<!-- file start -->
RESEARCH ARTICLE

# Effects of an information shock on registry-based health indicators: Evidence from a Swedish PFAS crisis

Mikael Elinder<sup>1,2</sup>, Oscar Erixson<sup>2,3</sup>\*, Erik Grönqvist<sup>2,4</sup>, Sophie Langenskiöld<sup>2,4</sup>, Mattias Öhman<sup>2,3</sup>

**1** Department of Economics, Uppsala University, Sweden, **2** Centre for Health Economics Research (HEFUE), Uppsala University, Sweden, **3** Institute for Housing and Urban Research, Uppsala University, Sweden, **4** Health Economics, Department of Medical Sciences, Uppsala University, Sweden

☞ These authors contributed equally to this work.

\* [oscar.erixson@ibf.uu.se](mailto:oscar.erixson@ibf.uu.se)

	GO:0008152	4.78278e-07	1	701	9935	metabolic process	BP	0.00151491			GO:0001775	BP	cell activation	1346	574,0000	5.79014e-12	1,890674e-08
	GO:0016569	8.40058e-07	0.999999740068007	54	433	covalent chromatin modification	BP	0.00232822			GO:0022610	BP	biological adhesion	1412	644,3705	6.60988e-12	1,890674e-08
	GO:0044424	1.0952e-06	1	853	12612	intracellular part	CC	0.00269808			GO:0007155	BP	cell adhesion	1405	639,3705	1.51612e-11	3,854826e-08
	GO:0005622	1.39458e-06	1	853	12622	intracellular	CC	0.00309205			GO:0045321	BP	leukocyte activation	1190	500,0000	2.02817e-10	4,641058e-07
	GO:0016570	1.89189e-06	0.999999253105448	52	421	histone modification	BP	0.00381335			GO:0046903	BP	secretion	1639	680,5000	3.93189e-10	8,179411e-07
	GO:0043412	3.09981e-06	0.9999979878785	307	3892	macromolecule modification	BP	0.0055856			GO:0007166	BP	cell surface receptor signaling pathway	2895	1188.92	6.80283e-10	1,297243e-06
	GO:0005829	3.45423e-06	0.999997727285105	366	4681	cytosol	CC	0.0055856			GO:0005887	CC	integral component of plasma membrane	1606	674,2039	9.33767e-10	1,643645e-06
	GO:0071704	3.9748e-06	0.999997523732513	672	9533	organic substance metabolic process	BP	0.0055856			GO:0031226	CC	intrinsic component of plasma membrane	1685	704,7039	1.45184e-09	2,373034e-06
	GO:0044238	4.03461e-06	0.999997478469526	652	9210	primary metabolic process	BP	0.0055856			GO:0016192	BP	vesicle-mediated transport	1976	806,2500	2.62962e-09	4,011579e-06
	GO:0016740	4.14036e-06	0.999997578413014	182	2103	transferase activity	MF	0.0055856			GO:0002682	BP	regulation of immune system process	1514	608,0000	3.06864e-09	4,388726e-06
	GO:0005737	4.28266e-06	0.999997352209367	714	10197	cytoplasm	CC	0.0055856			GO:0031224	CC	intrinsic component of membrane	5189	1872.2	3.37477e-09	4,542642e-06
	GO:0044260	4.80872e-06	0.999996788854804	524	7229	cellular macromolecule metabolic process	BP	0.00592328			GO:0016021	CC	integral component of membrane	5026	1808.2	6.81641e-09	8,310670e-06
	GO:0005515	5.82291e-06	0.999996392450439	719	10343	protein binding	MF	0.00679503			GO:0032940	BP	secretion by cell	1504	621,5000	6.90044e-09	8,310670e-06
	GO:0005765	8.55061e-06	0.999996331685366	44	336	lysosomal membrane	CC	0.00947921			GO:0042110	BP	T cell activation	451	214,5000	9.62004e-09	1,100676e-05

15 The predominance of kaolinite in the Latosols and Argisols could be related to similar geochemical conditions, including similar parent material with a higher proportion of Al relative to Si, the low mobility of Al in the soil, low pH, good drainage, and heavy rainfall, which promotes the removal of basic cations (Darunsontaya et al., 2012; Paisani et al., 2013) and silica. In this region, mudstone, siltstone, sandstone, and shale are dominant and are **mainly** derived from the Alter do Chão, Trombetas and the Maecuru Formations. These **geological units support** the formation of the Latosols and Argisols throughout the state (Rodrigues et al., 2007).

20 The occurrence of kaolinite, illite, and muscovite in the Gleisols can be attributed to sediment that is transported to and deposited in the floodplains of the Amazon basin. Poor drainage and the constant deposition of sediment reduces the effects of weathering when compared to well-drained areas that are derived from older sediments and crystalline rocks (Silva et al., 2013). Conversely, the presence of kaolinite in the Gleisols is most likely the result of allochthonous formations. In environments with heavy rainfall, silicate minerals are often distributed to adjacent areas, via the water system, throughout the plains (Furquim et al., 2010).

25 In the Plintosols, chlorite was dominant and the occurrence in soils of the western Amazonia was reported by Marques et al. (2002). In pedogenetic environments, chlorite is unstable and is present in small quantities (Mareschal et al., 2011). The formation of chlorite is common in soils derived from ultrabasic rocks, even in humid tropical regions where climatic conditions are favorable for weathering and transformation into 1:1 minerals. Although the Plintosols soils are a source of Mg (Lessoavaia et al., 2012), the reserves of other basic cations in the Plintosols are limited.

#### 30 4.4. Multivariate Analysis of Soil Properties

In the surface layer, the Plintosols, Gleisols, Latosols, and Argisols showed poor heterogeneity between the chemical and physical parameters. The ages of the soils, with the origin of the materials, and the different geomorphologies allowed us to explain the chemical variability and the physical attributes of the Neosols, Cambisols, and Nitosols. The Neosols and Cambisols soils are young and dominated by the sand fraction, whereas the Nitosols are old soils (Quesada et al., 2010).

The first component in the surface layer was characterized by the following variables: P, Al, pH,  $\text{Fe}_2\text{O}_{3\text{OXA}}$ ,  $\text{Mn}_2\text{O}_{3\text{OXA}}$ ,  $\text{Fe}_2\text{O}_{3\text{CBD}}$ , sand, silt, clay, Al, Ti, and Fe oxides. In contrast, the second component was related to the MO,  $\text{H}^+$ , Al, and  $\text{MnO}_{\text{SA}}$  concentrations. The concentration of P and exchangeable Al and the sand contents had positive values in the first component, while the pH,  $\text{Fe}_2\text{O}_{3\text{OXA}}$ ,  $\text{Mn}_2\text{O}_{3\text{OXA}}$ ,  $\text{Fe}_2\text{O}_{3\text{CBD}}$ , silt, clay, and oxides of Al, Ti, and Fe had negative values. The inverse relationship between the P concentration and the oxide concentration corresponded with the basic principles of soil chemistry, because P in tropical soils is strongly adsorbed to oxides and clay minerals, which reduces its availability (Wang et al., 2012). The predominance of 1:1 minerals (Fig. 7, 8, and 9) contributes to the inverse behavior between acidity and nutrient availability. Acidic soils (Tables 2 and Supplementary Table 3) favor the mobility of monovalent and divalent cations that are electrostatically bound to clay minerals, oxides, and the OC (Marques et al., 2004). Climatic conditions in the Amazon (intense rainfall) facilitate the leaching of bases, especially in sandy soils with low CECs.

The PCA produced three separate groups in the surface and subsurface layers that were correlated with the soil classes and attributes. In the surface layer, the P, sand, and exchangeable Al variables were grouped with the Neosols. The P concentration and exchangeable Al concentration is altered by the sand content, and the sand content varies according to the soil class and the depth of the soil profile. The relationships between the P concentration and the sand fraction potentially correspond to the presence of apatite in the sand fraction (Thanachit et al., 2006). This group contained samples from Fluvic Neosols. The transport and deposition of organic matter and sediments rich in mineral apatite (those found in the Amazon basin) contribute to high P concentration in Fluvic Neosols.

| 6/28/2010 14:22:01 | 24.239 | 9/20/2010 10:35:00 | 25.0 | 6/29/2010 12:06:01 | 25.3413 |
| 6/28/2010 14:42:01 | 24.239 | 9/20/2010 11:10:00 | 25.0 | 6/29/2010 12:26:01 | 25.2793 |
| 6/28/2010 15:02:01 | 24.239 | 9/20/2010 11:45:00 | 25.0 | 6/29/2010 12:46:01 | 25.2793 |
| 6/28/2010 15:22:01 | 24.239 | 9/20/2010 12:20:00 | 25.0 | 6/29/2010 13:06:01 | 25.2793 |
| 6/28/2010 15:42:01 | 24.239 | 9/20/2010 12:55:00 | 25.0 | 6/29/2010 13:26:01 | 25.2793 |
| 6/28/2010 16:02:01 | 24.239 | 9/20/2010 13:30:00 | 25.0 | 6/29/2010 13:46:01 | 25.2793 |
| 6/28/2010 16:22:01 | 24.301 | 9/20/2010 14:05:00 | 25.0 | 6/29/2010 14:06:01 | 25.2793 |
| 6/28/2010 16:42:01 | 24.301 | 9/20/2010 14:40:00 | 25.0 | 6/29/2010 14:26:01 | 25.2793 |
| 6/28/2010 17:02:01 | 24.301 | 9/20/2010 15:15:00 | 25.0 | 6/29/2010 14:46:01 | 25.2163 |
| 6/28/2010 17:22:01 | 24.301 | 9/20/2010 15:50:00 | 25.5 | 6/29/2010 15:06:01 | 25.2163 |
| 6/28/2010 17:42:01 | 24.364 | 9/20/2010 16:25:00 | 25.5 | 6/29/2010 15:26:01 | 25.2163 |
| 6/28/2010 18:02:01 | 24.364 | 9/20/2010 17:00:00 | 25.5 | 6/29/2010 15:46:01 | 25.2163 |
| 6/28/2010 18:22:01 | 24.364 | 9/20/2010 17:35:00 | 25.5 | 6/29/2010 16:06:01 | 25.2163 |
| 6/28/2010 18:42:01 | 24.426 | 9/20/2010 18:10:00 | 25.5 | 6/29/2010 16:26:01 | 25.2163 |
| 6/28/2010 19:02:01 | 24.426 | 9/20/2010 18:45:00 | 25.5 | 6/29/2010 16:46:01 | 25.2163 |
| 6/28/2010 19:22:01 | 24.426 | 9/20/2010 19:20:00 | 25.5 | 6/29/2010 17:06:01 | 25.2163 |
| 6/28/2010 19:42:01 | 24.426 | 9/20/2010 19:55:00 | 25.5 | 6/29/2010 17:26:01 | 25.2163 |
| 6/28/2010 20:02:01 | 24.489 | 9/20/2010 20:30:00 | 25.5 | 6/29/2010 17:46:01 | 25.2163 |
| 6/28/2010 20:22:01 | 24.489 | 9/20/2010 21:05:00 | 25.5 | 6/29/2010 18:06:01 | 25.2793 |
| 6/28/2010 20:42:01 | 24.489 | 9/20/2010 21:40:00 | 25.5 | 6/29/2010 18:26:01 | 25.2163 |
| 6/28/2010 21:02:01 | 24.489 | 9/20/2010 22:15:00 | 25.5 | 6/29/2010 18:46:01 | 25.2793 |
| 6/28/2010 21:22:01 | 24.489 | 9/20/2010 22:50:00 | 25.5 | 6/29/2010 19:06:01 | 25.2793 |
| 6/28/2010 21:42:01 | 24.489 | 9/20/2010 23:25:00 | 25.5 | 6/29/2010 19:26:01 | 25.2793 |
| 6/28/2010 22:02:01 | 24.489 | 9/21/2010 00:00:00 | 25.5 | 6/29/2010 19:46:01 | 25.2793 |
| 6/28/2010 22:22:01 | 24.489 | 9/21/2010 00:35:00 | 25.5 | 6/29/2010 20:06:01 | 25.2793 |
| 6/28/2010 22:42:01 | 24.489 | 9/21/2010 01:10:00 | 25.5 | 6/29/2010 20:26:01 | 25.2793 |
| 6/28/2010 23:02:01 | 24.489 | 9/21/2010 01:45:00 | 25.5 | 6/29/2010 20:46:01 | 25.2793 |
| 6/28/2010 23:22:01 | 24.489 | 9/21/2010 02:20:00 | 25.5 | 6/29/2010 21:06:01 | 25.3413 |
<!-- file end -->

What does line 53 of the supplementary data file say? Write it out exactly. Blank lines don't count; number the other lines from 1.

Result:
| 6/28/2010 22:42:01 | 24.489 | 9/21/2010 01:10:00 | 25.5 | 6/29/2010 20:26:01 | 25.2793 |